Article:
In the age of social media, it is rare to come across anyone who is not well versed with the concept of being connected. Virtual connections have become as ubiquitous as the platforms and devices that support and facilitate them. But are all connections beneficial?

In this article we take a look at the Islamic concept of ‘silat,’ its philosophy and implications in a world overrun by apparent connectivity and connectedness.

The Arabic silat from the root wasala yasilu means to connect, join and unite. A host of Prophetic Traditions elaborate on the concept of silat, its types, the many ways in which it can be exercised and the numerous and varied rewards inherent in its sincere practise.

As a species, human beings are defined by their need and urge to interact and form social bonds. It is an oft repeated maxim that man is a social animal, an expression that does not require much elaboration. When this social urge is combined with the human proclivity to always want more than what one has, and when both these characteristics are enabled and encouraged by a limitless virtual framework of connections, what results is the current social media phenomenon. A place where countless hours are spent to no real avail. An environment in which time tested and honourable qualities such as friendship and friends are reduced to numbers on a screen and wholesome and meaningful interactions are supplanted by endless lines of text and chains of images.

The social media paradox is that the more people are connected, the more depressed, lonely and isolated they eventually end up feeling once the temporary euphoria of the glowing screen dims away. This significantly impacts the quality of life as well as longevity.

Contrast this with the Prophetic tradition ‘Connecting with loved ones prolongs one’s life,’ which outlines the impact and effect of forming meaningful connections as one that enriches and increases longevity. This juxtaposition imparts great clarity as to the true purpose and need for establishing social connections. Not to gratify human vanity with likes and thumbs ups, but to connect on a profound level, share the joys of happiness as well as the burdens of sorrow and to both be there and have someone be there in times of need and hardship.

This is not to say that all forms and usages of social media are necessarily bad. In discussions of this sort as in life itself, it is quite imperative to establish a firm middle ground that incorporates the best of both worlds.

There is no reason why social media platforms cannot be employed to productive ends. After all they are but tools and instruments like all others, which can be employed just as effectively to destroy as they can be to create and sustain. In one tradition, the Prophet Mohammed SAW states: ‘Connect with your loved ones even if only by means of salaam.’ Salaam refers to the traditional Islamic greeting which wishes peace upon the one on whom it is recited. When put in a contemporary context, where loved ones often reside in distant corners of the earth, it becomes clear that the much stressed upon concept of silat can be fulfilled by means of social media even though it may constitute the bare minimum of what is required.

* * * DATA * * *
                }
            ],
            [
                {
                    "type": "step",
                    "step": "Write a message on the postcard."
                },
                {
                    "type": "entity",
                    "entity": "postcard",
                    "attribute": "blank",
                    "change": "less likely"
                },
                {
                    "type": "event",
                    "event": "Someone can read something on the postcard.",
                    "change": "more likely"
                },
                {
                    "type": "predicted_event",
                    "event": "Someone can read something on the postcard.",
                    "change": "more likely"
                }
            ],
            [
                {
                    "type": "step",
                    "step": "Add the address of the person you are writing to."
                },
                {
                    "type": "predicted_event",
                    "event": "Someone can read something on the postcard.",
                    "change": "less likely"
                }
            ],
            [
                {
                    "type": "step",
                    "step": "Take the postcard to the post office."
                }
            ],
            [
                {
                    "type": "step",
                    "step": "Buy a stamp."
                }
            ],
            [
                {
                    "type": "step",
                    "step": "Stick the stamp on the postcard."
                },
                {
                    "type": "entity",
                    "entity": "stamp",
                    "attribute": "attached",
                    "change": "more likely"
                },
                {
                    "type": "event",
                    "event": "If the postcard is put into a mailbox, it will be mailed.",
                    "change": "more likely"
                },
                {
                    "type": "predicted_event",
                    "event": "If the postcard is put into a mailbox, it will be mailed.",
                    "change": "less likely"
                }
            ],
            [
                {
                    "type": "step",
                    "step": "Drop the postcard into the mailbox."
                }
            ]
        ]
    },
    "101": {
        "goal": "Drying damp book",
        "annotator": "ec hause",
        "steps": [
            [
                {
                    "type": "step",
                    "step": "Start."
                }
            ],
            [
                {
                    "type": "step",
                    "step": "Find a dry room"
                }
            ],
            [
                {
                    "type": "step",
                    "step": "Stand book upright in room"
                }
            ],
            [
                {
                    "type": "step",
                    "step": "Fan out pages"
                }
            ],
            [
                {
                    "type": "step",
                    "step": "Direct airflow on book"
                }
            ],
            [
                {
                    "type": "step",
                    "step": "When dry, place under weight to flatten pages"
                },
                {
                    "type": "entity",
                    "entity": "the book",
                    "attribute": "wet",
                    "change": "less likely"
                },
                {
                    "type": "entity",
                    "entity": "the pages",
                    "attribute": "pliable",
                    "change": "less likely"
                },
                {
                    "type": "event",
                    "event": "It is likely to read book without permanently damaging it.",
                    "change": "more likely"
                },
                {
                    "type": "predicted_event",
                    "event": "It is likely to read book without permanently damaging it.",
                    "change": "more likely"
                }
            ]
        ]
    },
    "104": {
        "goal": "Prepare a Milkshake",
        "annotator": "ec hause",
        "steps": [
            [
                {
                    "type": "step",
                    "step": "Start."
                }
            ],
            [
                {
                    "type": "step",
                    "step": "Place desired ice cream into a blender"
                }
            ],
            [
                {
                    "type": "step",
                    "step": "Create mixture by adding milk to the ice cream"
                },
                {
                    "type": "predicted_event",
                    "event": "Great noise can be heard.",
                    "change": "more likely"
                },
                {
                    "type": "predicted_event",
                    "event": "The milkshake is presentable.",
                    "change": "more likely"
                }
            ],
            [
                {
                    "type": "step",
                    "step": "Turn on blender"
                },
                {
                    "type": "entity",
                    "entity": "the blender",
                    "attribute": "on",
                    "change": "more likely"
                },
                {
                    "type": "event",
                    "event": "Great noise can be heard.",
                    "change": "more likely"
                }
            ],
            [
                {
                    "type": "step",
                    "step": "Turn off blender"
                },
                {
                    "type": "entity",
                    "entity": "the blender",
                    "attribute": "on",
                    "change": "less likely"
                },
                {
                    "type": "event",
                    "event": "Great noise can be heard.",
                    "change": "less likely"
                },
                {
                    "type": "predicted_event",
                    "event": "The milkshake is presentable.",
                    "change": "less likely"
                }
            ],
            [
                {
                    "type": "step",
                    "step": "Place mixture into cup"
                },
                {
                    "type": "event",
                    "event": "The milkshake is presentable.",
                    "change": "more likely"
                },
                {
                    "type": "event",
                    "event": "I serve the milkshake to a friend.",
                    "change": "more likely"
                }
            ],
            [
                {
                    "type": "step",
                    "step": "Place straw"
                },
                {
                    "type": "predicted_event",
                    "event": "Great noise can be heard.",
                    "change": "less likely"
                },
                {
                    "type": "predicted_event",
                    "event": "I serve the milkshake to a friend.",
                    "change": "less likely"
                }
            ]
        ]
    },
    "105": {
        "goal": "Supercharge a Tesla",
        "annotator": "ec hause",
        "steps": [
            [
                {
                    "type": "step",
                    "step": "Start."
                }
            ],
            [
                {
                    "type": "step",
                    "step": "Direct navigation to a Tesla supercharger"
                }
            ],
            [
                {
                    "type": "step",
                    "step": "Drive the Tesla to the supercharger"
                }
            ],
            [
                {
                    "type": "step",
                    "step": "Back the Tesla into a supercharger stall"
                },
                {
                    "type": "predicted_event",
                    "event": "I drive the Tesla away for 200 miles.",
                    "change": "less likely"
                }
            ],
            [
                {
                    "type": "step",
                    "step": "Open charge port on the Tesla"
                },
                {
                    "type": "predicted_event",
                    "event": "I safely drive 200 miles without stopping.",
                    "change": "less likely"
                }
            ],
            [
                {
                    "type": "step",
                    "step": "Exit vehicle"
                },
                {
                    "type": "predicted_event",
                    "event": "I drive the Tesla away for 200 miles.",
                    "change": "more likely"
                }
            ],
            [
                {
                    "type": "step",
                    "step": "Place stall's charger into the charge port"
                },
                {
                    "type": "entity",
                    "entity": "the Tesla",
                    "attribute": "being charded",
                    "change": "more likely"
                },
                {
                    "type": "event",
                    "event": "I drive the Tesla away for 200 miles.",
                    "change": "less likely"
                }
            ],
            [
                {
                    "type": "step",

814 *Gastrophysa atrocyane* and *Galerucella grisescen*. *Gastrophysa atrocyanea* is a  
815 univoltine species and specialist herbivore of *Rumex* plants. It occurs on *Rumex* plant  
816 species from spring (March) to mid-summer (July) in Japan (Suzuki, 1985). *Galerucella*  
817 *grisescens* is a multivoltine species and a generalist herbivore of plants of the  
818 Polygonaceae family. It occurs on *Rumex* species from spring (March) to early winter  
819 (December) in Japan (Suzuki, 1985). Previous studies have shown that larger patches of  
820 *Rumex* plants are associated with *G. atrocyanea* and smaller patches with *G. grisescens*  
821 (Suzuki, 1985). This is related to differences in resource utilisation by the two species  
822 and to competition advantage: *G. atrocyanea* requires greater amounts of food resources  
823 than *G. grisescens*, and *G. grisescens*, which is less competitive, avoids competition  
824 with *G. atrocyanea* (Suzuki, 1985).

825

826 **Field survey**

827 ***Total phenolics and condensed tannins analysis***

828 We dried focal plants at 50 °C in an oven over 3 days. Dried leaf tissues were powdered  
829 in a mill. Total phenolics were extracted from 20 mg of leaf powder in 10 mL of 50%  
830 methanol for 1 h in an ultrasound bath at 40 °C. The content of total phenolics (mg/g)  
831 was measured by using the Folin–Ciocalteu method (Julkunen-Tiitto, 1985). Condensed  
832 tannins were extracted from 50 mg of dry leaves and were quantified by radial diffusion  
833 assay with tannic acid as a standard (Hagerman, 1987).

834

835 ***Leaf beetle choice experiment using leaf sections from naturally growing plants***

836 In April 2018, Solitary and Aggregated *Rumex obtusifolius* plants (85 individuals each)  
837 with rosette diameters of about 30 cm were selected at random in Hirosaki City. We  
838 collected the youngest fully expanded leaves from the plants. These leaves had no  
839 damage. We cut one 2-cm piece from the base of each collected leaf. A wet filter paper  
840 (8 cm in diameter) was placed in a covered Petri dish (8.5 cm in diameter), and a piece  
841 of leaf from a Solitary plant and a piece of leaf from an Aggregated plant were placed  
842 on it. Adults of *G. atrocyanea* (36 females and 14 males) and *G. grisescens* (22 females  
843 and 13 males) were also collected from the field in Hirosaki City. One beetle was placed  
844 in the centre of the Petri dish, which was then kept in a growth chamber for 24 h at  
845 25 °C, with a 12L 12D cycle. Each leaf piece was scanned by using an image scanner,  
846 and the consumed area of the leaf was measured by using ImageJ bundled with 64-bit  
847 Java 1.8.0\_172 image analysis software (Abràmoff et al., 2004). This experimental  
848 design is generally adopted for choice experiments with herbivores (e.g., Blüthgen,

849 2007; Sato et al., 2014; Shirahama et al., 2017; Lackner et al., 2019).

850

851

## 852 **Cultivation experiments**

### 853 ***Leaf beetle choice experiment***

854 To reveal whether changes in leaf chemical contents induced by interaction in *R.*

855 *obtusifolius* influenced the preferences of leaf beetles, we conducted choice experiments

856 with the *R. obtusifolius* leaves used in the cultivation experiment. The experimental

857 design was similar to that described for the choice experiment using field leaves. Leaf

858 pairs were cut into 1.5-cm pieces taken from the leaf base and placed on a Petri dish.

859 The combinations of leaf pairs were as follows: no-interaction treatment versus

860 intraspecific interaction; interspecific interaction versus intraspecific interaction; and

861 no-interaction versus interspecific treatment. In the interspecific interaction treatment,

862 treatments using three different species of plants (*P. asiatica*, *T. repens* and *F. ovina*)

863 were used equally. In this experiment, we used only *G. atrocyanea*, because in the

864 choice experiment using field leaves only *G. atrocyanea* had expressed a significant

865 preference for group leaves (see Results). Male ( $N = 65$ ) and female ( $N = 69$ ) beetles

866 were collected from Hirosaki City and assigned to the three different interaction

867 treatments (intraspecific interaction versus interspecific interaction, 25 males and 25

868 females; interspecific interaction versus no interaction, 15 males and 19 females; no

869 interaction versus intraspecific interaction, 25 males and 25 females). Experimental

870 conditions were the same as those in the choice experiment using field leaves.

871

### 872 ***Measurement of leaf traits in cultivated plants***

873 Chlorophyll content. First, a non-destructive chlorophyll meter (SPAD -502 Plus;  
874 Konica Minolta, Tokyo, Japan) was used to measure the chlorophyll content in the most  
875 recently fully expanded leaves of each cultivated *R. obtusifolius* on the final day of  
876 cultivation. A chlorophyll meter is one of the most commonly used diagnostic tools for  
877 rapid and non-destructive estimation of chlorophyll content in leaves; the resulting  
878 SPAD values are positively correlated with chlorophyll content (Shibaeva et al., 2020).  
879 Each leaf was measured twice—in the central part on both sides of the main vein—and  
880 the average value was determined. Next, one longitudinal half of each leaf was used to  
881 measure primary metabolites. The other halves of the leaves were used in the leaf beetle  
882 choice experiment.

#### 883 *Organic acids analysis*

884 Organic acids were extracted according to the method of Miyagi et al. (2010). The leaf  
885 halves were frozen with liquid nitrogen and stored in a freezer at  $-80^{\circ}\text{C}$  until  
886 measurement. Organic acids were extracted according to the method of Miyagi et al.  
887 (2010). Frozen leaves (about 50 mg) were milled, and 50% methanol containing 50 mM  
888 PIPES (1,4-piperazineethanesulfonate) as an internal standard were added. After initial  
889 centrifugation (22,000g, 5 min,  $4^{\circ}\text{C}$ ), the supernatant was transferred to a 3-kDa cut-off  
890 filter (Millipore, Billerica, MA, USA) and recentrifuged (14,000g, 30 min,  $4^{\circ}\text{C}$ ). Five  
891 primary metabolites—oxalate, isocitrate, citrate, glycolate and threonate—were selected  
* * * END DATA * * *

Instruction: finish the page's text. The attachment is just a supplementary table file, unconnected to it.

If saying the salaam constitutes the bare minimum of silat, the question we must ask ourselves is what else needs to be done?

In one tradition the Prophet SAW states: ‘The most honourable quality of the Prophets, the siddīqīn (those who adhere to the truth) and the shuhada (witnesses) is visiting one another for the sake of Allah TA. A higher order of silat is established by this tradition which urges physical interaction and contact which undoubtedly constitutes the backbone of a healthy thriving society.

But perhaps the highest order of silat is elucidated in this tradition by the Prophet Mohammed SAW: ‘Verily the best of all excellent traits is to connect with those who have severed connections with you…’ It calls towards a higher order and requisite of silat, and demonstrates its effect in creating a society where individuals act magnanimously, opting to take the high road in the face of discord and disagreement. Acting in this manner inevitably elevates them to better versions of themselves; those who labour to create the society envisioned by Imam ʿAli bin Abi Talib AS when he states: ‘Do good unto those that do you harm.’

It is in constant pursuit of this higher personal and social order facilitated by silat, that members of the Dawoodi Bohra community under the enlightened guidance of their leaders, strive to uphold the practise of silat by all the modern and traditional means available to them. The most relevant expression of which is seen during the annual upliftment drive where community members go door to door in an effort to truly connect with their brothers and sisters on a deeper level and a higher order while trying to do justice to the lofty ideals of silat.